Some of you GoT fans are probably getting all giddy in your pants at the idea of learning Dothraki. And well you should! This isn't the book to teach you the Horse Lords' language, but it's a start!

That and High Valyrian are Peterson's two most famous creations. They made him semi-famous. Famous enough to be mentioned by the lovable Emilia Clarke on late night tv:

He does a great job in this book of explaining the basics. You could, if you had plenty of time, construct your own brand new and very real language just from reading this book. It probably would be rather basic itself, but it would function. There aren't exactly step-by-step instructions, but Peterson does lay out this book, feeding you the info you need when you need it, in a way that naturally walks you through a language building education. One way to look at it is that instead of taking the full semester's course, you're reading over the syllabus.

Even if you're not interested in creating a new language, The Art of Language Invention is informative to those who are interested in words and language in general. Peterson relays a good amount of language history to the reader in order to explain his theories and practices. I found that quite educational. Also, this is written in a very casual tone. I think the man knew he needed to sugar-coat this stuff for the vast majority of his audience to get it down. If you're into GoT to the point of reading blogs for background information, you'll definitely get something out of this.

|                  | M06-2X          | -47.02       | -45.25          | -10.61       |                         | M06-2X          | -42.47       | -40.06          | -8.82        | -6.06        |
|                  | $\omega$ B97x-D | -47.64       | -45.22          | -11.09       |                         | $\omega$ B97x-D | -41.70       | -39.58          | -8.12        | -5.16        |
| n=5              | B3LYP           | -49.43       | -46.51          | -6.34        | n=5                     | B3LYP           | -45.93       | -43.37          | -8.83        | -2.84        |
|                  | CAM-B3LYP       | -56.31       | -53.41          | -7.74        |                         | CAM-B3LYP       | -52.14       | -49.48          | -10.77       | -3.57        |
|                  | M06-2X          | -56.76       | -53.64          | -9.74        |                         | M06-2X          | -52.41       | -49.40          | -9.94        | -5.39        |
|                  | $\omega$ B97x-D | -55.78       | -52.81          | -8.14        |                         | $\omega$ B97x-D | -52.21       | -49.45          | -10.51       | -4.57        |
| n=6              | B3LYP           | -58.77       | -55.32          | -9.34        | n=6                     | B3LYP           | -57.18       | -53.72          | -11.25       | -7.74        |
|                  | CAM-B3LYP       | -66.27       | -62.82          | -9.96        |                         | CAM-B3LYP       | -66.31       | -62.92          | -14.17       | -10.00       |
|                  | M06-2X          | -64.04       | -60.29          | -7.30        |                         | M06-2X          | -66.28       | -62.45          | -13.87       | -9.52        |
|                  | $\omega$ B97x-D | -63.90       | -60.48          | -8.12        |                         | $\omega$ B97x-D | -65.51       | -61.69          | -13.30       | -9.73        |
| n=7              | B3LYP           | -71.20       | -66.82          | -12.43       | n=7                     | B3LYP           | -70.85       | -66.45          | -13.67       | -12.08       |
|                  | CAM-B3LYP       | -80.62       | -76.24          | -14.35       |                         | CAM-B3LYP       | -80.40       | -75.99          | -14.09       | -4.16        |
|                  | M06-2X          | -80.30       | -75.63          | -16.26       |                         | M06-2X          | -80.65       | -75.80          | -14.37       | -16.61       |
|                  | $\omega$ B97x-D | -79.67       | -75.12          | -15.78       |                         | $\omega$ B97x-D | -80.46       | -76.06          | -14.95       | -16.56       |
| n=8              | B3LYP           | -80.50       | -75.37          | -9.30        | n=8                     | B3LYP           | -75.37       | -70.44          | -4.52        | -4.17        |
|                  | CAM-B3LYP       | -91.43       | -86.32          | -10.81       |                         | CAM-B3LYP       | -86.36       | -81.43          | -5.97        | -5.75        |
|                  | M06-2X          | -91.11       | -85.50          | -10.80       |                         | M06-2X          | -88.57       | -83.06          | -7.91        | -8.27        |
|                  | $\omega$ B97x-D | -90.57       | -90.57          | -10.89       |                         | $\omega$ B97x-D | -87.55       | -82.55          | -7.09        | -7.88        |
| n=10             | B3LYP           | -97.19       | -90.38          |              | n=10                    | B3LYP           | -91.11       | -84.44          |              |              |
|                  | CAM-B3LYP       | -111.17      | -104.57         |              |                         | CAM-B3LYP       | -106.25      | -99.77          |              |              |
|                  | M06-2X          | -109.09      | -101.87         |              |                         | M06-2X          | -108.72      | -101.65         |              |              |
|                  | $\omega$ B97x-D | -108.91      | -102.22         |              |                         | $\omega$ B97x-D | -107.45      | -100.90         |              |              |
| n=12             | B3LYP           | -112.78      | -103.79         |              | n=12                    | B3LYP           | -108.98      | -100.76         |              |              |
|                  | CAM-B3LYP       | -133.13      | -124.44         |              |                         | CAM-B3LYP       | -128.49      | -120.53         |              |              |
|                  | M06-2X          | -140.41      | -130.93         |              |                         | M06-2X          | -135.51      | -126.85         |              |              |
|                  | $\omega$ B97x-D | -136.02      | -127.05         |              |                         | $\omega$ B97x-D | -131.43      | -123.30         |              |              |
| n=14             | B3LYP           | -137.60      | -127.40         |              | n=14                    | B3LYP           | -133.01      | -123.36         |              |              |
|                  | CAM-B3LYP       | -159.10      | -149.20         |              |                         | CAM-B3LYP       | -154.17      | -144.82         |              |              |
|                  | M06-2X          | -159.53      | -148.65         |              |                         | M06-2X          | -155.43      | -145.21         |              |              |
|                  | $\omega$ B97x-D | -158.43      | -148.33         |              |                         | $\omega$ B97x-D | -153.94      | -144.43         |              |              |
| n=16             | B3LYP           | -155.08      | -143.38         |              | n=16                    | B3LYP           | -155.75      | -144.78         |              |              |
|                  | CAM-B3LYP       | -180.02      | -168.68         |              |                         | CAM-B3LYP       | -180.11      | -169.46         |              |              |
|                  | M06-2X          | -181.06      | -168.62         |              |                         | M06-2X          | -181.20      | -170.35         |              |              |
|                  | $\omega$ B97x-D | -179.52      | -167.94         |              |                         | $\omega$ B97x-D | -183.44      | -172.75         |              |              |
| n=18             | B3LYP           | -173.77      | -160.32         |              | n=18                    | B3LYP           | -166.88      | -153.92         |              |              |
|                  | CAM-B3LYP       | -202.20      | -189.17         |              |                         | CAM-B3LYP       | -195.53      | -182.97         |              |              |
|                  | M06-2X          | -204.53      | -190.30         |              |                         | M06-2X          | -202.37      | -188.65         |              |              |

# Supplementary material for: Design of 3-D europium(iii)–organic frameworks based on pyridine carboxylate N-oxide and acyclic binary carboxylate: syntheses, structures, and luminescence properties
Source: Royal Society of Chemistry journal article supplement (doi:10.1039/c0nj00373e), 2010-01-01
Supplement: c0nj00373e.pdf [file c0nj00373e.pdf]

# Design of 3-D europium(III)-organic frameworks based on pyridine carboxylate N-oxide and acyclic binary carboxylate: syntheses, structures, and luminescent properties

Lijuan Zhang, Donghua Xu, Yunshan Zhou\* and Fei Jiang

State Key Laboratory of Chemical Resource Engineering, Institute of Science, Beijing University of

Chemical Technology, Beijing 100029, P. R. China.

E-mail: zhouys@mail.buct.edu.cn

View all my reviews

Tolkien's Languages

The Languages of Tolkien's Middle-EarthThe Languages of Tolkien's Middle-Earth by Ruth S. Noel
Reviewed by Jason Koivu
My rating: 4 of 5 stars

An excellent book for those interested in J.R.R. Tolkien's created languages.

With The Languages of Tolkien's Middle-Earth Ruth Noel gives you the foundation for Tolkien's famous elven language, which I always like to proudly point out is based in Finnish. Hey, us Finns don't always have a lot to shout about!

The book also includes about a dozen other languages, such as various human tongues, the Black Speech of Mordor, high ancient tongues, common speech, etc. It takes all the words Tolkien gave us, translates them and offers some samples on how to elaborate on the fragments of the languages we have, such as verb conjugation.